High school conundrums, love and friendship, patriarchy, identity, growing up, parental pressure, separation, fear of losing it all—this show covers it all, and maybe that’s why it falls a bit short of what it’s trying to do. There’s no denying there’s a sense of nostalgia and a sense of realism in this show, yet it feels all over the place because of its ambition. Imagine “Dhoom Machao Dhoom,” but on steroids. The oversaturation leaves the narrative stretched too thin, perhaps leaving one confused rather than engaged. Still, it is an earnest attempt at something that could’ve been great, though I’m not quite sure it’s worked this time around. 

Though, for the most part, the show is shot very well, and there are some stunning scenes set against a beautiful backdrop that make you wish you were in boarding school despite the many quandaries of being a teenager, there are some scenes that feel unnecessarily dragged out. What I mean is that the inspiration is quite obvious for certain scenes, which do feel unnecessary. For a show called Big Girls Don’t Cry, there’s quite a lot of crying. But jokes aside, despite its many qualms, I think this is a show worth giving a chance to because we’d love to see more of these. There’s no denying that these young girls are going to go a long way, and it’s only fair to foster their growth right from the start.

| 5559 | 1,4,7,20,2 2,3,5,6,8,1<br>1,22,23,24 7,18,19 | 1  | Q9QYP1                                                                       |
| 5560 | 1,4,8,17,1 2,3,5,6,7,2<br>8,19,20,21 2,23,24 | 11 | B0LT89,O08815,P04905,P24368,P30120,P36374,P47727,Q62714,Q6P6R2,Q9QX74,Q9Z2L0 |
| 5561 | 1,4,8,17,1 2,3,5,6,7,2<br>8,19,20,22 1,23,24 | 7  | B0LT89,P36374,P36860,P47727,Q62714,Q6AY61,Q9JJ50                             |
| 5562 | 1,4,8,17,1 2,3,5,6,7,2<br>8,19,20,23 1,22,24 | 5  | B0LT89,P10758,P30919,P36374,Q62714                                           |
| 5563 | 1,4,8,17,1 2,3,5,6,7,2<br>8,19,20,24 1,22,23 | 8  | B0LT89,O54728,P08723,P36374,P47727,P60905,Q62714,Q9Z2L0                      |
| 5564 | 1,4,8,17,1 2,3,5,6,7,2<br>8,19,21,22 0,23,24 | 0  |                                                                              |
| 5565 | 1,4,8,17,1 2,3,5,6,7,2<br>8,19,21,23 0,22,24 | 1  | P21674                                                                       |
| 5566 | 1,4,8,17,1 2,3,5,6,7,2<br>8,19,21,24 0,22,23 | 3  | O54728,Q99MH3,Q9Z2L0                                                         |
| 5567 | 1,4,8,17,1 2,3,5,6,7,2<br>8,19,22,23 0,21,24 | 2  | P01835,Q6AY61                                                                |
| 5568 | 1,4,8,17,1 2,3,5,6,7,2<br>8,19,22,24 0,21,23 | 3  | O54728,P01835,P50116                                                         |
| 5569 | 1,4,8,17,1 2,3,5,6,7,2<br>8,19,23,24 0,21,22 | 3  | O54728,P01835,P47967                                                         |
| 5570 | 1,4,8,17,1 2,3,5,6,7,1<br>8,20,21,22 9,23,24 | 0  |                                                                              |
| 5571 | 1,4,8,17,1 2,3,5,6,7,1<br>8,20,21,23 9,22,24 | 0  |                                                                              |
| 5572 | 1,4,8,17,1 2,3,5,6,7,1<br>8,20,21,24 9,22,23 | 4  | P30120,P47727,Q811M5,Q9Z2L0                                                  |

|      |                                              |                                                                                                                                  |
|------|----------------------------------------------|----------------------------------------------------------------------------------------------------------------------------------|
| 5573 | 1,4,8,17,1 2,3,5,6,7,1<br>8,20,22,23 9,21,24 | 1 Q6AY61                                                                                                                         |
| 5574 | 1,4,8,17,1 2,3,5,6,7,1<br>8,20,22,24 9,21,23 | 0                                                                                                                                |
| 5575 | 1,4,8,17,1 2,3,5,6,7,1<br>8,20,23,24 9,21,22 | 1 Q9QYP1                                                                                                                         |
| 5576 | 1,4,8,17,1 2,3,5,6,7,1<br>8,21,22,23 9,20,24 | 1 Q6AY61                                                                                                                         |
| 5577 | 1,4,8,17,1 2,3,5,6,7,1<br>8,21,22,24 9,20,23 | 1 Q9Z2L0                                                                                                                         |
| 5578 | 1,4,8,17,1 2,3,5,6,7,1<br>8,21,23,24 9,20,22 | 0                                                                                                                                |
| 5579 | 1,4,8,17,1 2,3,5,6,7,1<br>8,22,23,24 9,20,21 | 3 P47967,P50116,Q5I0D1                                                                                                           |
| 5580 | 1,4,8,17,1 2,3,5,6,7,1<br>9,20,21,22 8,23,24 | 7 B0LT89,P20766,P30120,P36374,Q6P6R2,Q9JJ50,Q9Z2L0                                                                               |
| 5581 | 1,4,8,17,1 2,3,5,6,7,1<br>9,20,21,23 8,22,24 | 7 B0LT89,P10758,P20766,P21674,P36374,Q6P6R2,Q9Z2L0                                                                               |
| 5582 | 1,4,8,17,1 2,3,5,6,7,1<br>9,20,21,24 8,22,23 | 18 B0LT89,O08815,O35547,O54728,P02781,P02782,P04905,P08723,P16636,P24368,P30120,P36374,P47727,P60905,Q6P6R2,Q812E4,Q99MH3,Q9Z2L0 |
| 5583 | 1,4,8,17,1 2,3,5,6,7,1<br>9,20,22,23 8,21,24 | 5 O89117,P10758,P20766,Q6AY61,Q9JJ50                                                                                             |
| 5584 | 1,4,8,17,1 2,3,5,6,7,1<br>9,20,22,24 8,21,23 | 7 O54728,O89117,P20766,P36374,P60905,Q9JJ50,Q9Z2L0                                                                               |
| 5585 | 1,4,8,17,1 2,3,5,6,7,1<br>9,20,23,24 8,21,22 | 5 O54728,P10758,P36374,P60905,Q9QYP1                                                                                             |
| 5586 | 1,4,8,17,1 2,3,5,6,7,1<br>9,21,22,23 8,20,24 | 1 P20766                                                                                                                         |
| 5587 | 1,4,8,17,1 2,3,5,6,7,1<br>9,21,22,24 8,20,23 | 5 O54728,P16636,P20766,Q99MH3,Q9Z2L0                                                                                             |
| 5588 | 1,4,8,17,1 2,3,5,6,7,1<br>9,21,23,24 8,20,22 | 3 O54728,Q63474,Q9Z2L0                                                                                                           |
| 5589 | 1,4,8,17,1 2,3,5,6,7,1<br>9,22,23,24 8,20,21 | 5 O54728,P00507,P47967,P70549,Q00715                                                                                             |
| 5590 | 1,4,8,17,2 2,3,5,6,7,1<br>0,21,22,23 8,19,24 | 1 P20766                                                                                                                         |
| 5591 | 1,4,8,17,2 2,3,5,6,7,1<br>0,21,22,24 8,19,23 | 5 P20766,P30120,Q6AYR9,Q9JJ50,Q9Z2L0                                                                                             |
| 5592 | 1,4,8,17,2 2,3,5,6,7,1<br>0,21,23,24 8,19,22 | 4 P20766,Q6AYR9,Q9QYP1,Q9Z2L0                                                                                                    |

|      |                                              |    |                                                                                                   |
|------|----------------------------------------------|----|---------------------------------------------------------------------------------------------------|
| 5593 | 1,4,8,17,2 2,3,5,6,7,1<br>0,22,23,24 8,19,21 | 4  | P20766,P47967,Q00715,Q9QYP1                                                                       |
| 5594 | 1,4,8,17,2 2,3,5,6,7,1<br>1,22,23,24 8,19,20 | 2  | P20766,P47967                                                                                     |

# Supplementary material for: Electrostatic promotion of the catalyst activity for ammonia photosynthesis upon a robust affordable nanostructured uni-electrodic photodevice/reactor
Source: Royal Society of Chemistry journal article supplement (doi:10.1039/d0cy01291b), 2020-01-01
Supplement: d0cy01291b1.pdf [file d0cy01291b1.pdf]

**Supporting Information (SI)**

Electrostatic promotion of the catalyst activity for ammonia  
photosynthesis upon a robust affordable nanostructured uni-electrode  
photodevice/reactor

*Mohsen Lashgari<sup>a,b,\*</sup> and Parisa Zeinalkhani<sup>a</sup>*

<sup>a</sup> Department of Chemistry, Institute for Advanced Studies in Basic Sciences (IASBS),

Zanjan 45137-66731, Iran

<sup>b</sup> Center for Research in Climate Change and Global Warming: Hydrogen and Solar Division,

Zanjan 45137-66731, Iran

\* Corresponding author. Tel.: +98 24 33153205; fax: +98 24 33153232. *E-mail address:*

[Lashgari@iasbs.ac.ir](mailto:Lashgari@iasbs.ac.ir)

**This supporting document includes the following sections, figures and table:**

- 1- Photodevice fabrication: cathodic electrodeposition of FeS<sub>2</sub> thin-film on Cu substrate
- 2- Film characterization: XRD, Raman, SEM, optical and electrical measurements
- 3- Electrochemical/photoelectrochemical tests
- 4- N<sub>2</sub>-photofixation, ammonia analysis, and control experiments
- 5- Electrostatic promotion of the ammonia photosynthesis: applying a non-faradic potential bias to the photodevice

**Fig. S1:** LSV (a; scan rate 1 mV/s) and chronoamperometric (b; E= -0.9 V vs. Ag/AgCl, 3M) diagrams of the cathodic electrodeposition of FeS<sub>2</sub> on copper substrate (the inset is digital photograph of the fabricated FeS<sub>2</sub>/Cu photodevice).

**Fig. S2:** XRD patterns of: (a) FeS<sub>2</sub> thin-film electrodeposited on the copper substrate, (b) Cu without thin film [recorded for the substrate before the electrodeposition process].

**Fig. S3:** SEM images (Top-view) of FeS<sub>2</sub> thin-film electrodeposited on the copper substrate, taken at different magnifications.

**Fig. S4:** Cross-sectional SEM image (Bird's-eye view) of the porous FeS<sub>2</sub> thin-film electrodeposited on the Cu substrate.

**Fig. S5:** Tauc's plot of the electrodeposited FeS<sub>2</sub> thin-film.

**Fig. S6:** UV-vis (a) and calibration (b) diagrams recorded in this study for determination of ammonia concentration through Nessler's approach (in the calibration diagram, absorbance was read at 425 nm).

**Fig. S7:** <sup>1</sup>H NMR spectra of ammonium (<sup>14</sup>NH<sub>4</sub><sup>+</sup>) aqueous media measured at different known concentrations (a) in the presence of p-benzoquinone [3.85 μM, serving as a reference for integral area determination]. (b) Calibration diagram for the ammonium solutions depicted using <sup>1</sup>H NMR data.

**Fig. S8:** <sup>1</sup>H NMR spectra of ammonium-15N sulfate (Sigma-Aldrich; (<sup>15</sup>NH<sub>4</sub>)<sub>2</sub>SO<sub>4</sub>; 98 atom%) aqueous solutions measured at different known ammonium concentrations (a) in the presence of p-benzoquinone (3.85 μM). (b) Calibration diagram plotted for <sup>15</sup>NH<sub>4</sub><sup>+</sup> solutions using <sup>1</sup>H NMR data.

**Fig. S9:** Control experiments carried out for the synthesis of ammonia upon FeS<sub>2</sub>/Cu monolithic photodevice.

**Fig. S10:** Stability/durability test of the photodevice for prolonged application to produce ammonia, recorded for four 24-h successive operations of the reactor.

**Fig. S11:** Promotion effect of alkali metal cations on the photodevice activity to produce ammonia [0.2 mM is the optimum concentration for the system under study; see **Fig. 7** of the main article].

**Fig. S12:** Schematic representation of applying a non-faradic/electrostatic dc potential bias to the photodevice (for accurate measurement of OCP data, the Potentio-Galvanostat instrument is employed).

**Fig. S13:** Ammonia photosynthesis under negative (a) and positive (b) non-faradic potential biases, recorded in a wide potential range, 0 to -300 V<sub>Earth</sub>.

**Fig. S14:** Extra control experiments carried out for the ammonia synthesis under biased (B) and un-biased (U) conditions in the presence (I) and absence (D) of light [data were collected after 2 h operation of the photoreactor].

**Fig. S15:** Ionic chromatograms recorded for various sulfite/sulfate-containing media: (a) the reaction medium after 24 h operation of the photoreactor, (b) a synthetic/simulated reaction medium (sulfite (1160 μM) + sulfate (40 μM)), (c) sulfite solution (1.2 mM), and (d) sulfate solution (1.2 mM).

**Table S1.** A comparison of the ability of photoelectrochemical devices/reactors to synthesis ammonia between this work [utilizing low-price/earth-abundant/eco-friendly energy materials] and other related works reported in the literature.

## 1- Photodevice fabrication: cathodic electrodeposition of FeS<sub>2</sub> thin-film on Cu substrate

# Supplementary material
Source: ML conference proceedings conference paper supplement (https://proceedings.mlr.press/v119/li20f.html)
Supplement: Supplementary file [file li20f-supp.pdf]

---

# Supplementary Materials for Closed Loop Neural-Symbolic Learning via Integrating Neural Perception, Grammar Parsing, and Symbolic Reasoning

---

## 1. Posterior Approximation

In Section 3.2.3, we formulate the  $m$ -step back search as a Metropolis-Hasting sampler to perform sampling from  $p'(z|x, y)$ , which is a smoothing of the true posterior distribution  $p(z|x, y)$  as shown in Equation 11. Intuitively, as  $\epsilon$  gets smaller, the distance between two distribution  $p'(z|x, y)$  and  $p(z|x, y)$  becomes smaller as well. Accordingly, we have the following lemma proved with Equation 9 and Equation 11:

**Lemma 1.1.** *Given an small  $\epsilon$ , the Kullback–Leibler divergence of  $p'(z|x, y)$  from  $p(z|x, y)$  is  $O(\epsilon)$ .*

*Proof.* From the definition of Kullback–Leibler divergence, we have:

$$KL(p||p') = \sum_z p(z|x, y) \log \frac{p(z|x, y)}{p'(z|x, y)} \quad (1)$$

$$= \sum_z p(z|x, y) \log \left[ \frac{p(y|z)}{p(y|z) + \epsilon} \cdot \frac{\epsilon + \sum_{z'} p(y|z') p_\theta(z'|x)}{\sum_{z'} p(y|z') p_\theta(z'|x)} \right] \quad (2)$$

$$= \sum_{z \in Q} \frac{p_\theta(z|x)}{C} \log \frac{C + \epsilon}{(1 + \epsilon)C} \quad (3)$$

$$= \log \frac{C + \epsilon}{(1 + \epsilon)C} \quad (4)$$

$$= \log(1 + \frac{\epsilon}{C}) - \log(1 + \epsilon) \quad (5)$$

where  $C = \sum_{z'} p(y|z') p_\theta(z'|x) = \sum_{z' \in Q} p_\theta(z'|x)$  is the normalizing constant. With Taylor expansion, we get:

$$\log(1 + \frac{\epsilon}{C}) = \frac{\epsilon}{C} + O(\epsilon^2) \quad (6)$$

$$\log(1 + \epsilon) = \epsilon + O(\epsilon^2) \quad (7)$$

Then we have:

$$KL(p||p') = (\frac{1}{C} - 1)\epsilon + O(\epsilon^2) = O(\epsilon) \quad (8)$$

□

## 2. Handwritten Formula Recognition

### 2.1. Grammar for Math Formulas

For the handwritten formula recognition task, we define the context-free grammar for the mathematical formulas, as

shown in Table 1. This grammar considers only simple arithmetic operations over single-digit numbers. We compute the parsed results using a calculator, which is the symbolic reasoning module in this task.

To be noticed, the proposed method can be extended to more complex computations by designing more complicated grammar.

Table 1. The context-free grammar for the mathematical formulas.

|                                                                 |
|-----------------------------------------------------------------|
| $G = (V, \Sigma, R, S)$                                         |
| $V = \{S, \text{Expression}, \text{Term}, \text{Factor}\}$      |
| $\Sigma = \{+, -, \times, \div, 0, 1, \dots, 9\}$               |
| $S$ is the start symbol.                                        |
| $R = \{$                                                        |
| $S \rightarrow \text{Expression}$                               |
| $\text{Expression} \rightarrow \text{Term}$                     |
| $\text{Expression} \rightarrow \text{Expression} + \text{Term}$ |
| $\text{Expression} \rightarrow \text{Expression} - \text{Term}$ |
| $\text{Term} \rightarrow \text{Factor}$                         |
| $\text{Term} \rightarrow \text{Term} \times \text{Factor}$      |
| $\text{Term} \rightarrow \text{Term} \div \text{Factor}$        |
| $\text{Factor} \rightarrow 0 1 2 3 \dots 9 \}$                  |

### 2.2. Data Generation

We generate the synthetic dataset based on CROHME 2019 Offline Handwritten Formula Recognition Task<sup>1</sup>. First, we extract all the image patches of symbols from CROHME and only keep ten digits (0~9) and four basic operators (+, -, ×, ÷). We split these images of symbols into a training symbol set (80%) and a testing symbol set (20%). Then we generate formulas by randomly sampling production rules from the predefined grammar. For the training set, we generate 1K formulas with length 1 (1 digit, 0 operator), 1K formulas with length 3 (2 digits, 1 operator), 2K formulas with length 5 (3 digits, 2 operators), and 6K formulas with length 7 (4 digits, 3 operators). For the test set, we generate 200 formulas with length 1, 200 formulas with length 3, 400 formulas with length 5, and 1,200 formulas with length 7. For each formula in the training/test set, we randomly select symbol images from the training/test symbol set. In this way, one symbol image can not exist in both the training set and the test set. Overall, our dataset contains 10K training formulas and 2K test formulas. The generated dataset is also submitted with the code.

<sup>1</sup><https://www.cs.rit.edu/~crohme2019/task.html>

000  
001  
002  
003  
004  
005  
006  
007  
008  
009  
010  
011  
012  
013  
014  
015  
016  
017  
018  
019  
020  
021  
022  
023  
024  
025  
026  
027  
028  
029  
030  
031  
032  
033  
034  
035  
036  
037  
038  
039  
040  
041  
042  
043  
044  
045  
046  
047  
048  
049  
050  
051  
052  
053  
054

Big Girls Don’t Cry may not be relatable to everybody, though the myriad personality types present in the show could make everyone feel seen, which is why I think it’s an oddly realistic show. One could compare the show to its many Western counterparts like Sex Education, Euphoria (tsk tsk), or even Heartbreak High, but I think that would be a disservice to this show. Perhaps the Indian landscape has the chance to grow thanks to shows like this, and we can look forward to more such shows with entertainment and something to say. Yes, it’s nowhere near perfect, but it’s a step closer to what we can expect and should want. If you’re willing to give Never Have I Ever a chance, I’d say Big Girls Don’t Cry is definitely worth your time. So, at the end of the day, despite its messy storytelling and its attempt to be an overachiever like some of the girls in the show, as well as Pooja Bhatt’s Anita Verma, it’s a decent young adult drama from an Indian viewpoint. I’d give Big Girls Don’t Cry an above-average score of 3 stars out of 5. There’s a lot of room for improvement, and hopefully, if there is a Season 2, we will see some massive changes, though it appears we’re set up for much more drama. 

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Ruchika Bhat
Ruchika Bhat
When not tending to her fashion small business, Ruchika or Ru spends the rest of her time enjoying some cinema and TV all by herself. She's got a penchant for all things Korean and lives in drama world for the most part.